One cool aspect of the story is that all the villains aren’t villains just to be story villains. They all turn out to have reasons for why they do what they do. You will come to understand, if not sympathize, with the principal and others.
Even the back stories of the kids in the class turn out to be rich and textured.
At its heart, the prominent theme of the story is education.
The kids have the mission of killing their teacher to save the Earth. Either he dies or the Earth does. One rather significant obstacle is that Koro Sensei turns out to be the best teacher any of them have ever had. Many episodes deal with how Koro Sensei tailors instructions for each kid in a way that elevates the kid to new levels. He makes the ‘E’ class more successful than they have ever been.
And it isn’t just academic excellence that he teaches — it’s also how to be expert assassins. Their teacher is fully complicit in teaching them how to kill him. And how that factors into their lives and education is just amazing.
I can guarantee that you will fall in love with Koro Sensei as much as they do. I sure did; he is charming and delightful! (You know, for an Earth-killing monster, anyway.) Part of that comes from how much he loves his students.
Another part comes from why he’s doing what he’s doing. Redemption, a favorite theme of mine, is a sub-theme here.
We learn in the first episode that Koro Sensei can move at Mach 20 and has highly developed senses, so he can easily dodge bullets or evade threatening situations. As the series goes on, we learn he has a variety of superpowers that do, in fact, make him seemingly unkillable.
The anime consists of two seasons, the first with 22 episodes, the second with 25. Run time is about 22 minutes each. There were also two live-action movies made — that would be something to see given Koro Sensei’s appearance and abilities.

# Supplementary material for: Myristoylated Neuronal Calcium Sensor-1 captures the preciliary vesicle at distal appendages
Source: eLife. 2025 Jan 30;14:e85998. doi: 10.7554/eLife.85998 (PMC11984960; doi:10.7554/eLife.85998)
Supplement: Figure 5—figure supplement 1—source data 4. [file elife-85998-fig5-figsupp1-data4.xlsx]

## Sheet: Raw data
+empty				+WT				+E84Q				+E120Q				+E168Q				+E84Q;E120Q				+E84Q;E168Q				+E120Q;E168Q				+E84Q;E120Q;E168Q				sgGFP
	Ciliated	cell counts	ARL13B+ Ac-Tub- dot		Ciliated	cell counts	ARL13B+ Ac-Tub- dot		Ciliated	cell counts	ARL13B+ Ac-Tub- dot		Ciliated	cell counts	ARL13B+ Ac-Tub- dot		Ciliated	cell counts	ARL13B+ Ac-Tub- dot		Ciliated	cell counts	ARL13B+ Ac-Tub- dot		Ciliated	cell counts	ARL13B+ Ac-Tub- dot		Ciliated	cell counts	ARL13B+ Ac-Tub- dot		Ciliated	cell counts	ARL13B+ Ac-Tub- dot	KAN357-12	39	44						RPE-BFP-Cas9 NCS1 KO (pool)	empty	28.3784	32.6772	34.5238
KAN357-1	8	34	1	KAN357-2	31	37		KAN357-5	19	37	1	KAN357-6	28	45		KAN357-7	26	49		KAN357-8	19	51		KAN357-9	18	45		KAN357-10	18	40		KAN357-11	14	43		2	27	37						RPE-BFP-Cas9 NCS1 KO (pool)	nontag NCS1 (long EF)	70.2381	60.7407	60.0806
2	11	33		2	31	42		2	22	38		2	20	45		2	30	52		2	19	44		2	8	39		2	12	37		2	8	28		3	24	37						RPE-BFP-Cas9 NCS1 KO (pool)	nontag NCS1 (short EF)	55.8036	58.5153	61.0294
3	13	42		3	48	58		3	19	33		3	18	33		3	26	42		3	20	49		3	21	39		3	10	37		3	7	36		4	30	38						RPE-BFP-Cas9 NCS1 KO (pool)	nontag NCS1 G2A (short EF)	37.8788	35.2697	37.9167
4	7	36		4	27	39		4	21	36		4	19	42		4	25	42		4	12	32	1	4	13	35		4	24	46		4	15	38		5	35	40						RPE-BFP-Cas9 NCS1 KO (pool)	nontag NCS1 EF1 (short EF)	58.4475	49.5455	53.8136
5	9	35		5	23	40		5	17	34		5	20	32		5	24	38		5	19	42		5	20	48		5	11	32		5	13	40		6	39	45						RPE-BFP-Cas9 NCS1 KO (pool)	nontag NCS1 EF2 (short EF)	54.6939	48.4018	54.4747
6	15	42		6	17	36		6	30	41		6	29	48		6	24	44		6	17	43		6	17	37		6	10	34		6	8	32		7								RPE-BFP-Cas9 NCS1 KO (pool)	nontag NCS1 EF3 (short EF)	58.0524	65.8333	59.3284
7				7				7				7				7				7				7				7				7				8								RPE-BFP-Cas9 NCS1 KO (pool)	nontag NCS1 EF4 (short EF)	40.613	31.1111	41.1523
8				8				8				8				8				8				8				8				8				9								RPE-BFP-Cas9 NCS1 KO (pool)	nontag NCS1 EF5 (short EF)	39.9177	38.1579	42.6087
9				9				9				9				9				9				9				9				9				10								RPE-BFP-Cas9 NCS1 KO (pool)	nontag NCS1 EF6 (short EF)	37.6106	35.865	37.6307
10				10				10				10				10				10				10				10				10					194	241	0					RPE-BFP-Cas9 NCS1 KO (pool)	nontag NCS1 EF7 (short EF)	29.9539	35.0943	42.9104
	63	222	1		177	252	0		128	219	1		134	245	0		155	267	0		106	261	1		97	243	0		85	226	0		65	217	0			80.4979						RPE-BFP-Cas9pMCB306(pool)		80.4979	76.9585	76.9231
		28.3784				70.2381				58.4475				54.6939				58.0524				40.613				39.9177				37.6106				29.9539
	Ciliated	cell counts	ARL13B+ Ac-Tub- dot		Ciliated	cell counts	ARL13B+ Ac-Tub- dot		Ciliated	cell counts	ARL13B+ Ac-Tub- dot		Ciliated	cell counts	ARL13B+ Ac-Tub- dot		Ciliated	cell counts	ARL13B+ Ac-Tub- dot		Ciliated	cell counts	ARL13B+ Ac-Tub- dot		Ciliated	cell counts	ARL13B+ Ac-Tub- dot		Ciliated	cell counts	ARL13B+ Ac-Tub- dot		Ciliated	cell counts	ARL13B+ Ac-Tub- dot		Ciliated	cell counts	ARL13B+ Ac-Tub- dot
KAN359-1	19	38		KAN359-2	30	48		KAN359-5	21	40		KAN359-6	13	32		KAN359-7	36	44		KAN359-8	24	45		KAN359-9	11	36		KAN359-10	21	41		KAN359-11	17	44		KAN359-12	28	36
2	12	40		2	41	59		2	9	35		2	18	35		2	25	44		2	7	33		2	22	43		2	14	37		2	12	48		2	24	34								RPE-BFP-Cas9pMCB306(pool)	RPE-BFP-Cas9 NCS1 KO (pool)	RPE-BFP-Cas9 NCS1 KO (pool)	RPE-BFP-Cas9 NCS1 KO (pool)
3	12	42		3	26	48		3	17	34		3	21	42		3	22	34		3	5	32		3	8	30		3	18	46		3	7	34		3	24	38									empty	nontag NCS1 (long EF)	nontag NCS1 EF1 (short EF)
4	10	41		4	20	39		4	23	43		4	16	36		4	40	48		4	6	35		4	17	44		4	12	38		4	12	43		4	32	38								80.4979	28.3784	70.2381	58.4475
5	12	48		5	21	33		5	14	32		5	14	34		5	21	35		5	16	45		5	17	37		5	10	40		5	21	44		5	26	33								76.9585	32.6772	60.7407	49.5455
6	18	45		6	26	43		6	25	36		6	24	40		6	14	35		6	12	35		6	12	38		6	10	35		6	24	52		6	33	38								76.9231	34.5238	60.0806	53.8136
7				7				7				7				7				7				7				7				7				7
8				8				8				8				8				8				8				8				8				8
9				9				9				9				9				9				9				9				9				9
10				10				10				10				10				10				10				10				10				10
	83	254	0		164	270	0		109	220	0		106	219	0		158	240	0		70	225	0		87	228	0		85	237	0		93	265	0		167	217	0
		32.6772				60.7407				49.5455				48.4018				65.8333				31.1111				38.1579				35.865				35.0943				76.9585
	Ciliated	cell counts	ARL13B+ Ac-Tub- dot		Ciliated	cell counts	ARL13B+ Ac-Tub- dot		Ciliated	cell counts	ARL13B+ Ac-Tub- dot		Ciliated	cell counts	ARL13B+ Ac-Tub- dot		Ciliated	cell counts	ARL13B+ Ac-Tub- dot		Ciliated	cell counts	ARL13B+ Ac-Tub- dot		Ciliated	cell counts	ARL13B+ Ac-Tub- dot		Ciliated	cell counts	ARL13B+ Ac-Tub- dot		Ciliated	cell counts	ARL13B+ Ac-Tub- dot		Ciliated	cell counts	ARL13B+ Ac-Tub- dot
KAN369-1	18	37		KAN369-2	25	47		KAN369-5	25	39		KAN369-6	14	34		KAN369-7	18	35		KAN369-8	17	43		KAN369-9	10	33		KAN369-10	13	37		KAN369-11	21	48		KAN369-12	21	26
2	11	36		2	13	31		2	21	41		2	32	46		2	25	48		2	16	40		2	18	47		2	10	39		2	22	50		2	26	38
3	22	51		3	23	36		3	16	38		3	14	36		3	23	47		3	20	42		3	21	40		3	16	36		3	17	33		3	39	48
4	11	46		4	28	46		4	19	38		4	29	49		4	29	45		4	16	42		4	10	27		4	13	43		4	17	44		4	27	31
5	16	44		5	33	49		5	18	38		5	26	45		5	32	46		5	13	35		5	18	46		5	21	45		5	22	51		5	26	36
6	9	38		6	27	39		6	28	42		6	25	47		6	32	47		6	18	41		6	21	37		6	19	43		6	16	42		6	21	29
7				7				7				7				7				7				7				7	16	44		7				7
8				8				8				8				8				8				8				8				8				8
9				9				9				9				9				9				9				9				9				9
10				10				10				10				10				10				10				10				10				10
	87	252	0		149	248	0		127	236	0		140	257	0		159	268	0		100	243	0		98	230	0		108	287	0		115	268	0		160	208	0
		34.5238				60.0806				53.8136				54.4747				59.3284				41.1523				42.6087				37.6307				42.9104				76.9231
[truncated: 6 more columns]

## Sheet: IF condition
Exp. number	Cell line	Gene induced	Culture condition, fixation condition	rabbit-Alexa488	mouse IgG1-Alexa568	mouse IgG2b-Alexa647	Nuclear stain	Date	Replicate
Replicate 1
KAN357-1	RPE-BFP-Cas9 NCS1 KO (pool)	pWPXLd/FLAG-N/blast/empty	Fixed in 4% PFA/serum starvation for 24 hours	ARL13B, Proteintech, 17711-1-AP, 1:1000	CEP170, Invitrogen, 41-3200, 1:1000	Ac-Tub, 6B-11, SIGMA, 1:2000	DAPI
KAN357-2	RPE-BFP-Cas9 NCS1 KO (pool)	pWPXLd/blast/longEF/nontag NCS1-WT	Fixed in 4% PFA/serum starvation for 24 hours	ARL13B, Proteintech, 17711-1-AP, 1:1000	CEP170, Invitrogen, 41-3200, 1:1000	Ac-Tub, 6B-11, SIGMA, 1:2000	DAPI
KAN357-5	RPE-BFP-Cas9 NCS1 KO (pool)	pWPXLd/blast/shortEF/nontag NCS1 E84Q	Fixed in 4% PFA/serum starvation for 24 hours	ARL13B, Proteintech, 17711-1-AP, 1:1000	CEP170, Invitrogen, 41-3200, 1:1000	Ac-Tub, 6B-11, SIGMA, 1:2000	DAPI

I am totally head over heels on this. It is one of the best visual stories I’ve seen in a good long time.
And it’s good science fiction — hard science fiction, my favorite kind. It’s one of those that beg to be watched at least twice, because it’s different when you know what’s really going on.
It’s absolutely rated a strong unqualified Wow!
Thanks to Hulu (and, to a lesser extent, Netflix), I’ve been exploring the world of anime.
The Japanese seem to tell more complex and textured stories than I find Americans do (because American culture has turned so mind-numbingly stupid).
A lot of it turns out to be only semi-interesting to me, though. I’m not huge on fantasy (been there, done that) even when it’s presented as being part of multi-player online virtual game reality (such as Sword Art Online and others). Just not really into the swinging sword stuff — especially when the swords are bigger than the person wielding them.
I do like stories with magic a bit better, and I’ve started watching a series, Fairy Tail, which is a popular, rather comic, series about wizards. Fairy Tail (yes, tail) is a wizards club that gets in trouble with the wizards guild due to their tendency to wreck things while fighting bad guys.
The series is a hoot (one key character has a flying blue cat companion, named Happy), and it has a lot of fun with animation styles. In addition to the richness and texture of their stories, the Japanese are hugely interesting and clever when it comes to animation.
It’s just pure fun to watch. I give it strong Ah!